Abstract: In the early 2000s, Esteban Burchard and his colleagues defended a controversial route to the view that there's a racial classification of people that's (epistemically) useful in medicine.  The route, which I call 'Burchard's route,' is arguing that there's a racial classification of people that's useful in medicine because, roughly, there's a racial classification with medically relevant genetic differentiation (Risch et al. 2002; Burchard et al. 2003).  While almost all scholars engaged in this debate agree that there's a racial classification of people that's useful in medicine in some way, there's tremendous controversy over whether any racial scheme is useful in medicine because there are medically relevant genetic differences among those races (Yudell et al. 2016, 565).  The goal of this paper will be to show that Burchard's route is basically correct.  However, I will use a slightly different argument than Burchard et al.'s in order to provide a firmer foundation for the thesis, both metaphysically and genetically.  I begin by reviewing Burchard's route and its critics.  Second, I present an original argument for establishing Burchard et al.'s conclusion using a Burchard-like route.  I call it 'Spencer's route.'  I reply to major objections along the way, and I end with a summary.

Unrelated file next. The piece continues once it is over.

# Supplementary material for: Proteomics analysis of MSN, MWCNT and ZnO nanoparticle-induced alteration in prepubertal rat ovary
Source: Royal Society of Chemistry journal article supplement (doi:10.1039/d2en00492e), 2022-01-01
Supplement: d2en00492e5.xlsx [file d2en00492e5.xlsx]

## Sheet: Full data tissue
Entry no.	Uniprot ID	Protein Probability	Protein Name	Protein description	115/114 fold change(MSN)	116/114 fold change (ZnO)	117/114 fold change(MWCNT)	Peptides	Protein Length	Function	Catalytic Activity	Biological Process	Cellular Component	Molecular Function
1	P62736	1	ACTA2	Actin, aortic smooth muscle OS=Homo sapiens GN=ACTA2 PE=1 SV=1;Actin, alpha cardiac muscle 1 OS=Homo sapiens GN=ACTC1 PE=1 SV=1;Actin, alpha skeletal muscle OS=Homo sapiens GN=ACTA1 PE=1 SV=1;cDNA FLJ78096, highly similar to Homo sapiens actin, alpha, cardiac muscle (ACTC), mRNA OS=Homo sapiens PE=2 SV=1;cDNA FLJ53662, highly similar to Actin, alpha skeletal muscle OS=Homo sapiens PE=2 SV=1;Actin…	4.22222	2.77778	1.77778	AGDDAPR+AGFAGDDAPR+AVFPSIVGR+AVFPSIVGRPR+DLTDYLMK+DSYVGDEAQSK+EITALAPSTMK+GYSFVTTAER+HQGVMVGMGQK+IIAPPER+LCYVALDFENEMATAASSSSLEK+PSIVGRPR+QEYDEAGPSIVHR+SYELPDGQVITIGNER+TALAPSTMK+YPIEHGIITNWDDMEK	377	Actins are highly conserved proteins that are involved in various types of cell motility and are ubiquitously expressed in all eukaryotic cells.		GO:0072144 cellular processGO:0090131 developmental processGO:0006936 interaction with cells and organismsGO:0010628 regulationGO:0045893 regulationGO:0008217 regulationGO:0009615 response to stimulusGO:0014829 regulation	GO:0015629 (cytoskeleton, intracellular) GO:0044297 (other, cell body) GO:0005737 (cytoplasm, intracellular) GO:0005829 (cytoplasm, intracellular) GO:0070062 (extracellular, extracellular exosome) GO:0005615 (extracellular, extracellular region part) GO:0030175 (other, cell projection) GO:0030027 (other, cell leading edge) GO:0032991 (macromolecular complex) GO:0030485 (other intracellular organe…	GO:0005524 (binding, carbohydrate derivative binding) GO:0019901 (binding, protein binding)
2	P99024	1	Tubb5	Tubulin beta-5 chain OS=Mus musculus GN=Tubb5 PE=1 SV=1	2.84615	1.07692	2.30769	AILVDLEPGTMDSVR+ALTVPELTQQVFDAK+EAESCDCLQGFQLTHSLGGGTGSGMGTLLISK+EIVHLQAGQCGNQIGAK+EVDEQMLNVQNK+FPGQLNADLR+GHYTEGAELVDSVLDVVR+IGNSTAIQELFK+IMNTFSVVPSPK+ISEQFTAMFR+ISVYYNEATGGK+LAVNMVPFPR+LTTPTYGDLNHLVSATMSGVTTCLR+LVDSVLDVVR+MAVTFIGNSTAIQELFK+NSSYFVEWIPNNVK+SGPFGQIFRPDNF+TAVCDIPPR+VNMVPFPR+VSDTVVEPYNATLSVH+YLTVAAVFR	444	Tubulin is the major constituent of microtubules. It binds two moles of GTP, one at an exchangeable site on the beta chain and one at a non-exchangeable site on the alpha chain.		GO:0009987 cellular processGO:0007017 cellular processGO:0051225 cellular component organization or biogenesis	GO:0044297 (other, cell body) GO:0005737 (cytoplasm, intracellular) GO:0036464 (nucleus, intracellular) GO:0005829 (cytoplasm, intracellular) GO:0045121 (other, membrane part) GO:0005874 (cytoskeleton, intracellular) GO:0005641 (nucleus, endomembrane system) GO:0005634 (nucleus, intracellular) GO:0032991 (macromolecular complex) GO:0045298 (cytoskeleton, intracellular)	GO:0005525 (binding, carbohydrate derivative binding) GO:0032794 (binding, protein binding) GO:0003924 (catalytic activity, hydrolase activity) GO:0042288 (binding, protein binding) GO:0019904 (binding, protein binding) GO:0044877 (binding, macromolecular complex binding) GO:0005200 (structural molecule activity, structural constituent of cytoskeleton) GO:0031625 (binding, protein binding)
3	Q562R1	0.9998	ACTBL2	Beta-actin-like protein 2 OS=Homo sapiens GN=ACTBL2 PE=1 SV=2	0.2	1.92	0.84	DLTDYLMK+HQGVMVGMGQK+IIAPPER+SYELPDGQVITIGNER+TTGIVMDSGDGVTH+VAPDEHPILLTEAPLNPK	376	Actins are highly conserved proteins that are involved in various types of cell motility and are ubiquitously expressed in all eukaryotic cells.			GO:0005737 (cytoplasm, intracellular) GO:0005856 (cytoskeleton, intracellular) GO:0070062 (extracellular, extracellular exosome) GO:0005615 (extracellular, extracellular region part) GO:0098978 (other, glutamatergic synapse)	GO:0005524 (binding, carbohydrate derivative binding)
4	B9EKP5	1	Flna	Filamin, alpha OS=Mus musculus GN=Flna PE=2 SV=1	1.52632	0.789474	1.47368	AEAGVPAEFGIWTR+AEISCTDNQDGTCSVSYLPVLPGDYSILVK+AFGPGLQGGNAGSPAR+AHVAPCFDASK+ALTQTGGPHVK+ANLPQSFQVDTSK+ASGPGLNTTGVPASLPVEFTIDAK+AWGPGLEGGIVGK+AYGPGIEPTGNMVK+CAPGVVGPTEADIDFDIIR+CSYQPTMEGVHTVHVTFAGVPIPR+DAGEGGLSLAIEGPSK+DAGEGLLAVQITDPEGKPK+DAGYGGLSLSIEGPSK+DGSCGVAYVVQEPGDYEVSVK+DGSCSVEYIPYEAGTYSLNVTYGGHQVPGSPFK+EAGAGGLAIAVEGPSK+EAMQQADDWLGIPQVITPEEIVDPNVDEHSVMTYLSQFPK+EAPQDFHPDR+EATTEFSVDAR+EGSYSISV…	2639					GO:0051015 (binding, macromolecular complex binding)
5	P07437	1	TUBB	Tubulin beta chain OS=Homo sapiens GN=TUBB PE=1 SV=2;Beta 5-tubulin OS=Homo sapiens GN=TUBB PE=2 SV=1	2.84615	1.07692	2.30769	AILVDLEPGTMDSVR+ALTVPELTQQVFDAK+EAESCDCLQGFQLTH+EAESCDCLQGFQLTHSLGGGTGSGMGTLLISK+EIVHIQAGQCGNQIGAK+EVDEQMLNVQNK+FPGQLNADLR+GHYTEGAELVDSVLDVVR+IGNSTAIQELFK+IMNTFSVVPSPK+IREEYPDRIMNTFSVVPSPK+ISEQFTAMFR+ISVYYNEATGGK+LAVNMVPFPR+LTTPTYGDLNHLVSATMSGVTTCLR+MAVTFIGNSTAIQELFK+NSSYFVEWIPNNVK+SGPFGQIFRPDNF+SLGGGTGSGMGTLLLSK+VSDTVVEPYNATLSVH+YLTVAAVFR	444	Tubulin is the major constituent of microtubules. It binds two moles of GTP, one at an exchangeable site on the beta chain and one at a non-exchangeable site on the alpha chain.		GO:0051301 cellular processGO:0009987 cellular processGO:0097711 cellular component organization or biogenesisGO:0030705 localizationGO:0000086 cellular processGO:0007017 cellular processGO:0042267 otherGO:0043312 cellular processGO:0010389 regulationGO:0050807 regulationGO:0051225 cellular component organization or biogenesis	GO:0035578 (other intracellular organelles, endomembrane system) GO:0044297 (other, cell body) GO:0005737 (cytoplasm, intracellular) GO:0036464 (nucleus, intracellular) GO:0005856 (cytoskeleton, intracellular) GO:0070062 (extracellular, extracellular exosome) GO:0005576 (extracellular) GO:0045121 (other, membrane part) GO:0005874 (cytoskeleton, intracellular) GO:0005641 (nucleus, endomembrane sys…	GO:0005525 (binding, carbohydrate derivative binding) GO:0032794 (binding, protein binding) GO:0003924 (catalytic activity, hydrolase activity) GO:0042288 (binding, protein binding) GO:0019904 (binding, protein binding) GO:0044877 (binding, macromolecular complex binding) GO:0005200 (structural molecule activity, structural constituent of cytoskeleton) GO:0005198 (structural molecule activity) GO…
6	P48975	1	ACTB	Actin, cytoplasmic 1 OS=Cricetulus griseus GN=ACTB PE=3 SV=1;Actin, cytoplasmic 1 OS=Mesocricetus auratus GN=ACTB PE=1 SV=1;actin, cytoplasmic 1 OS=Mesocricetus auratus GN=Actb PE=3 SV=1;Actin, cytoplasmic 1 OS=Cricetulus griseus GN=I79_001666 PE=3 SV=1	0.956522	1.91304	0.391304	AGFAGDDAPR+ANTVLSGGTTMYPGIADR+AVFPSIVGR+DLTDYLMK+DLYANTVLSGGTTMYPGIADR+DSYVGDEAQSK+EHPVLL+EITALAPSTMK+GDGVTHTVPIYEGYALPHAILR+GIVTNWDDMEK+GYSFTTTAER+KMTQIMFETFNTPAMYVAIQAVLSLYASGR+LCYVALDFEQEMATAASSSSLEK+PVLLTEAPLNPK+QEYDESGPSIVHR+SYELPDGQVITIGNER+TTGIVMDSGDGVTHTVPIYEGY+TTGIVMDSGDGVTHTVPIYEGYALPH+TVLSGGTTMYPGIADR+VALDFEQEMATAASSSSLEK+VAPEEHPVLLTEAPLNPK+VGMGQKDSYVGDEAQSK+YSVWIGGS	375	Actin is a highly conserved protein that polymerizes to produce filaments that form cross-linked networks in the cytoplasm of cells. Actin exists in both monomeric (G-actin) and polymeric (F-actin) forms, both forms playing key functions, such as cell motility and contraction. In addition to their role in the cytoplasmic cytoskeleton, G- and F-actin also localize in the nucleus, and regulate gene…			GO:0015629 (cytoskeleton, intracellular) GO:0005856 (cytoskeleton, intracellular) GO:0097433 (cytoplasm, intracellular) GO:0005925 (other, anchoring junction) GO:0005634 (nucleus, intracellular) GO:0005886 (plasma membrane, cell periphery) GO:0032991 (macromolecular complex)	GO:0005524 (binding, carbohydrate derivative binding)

Brian Epstein (Tufts University), 'Anchoring as a Philosophical Tool'

Åsa Burman (Stockholm), 'Telic Power'

Sara Bernstein (Notre Dame), 'The Metaphysics of Intersectionality'

Abstract: This paper develops and articulates a metaphysics of intersectionality, the idea that multiple axes of oppression cross-cut each other. Though intersectionality is often described through metaphor, I suggest that rigorous theories of intersectionality can be formulated using the tools of contemporary analytic metaphysics. A central tenet of intersectionality theory, that intersectional identities are inseparable, can be framed in terms of explanatory unity. Inseparability should not be understood as modal inseparability or conceptual inseparability, I argue. Further, intersectionality is best understood as metaphysical and explanatory priority of the intersectional category over its constituents, comparable to metaphysical priority of the whole over its parts.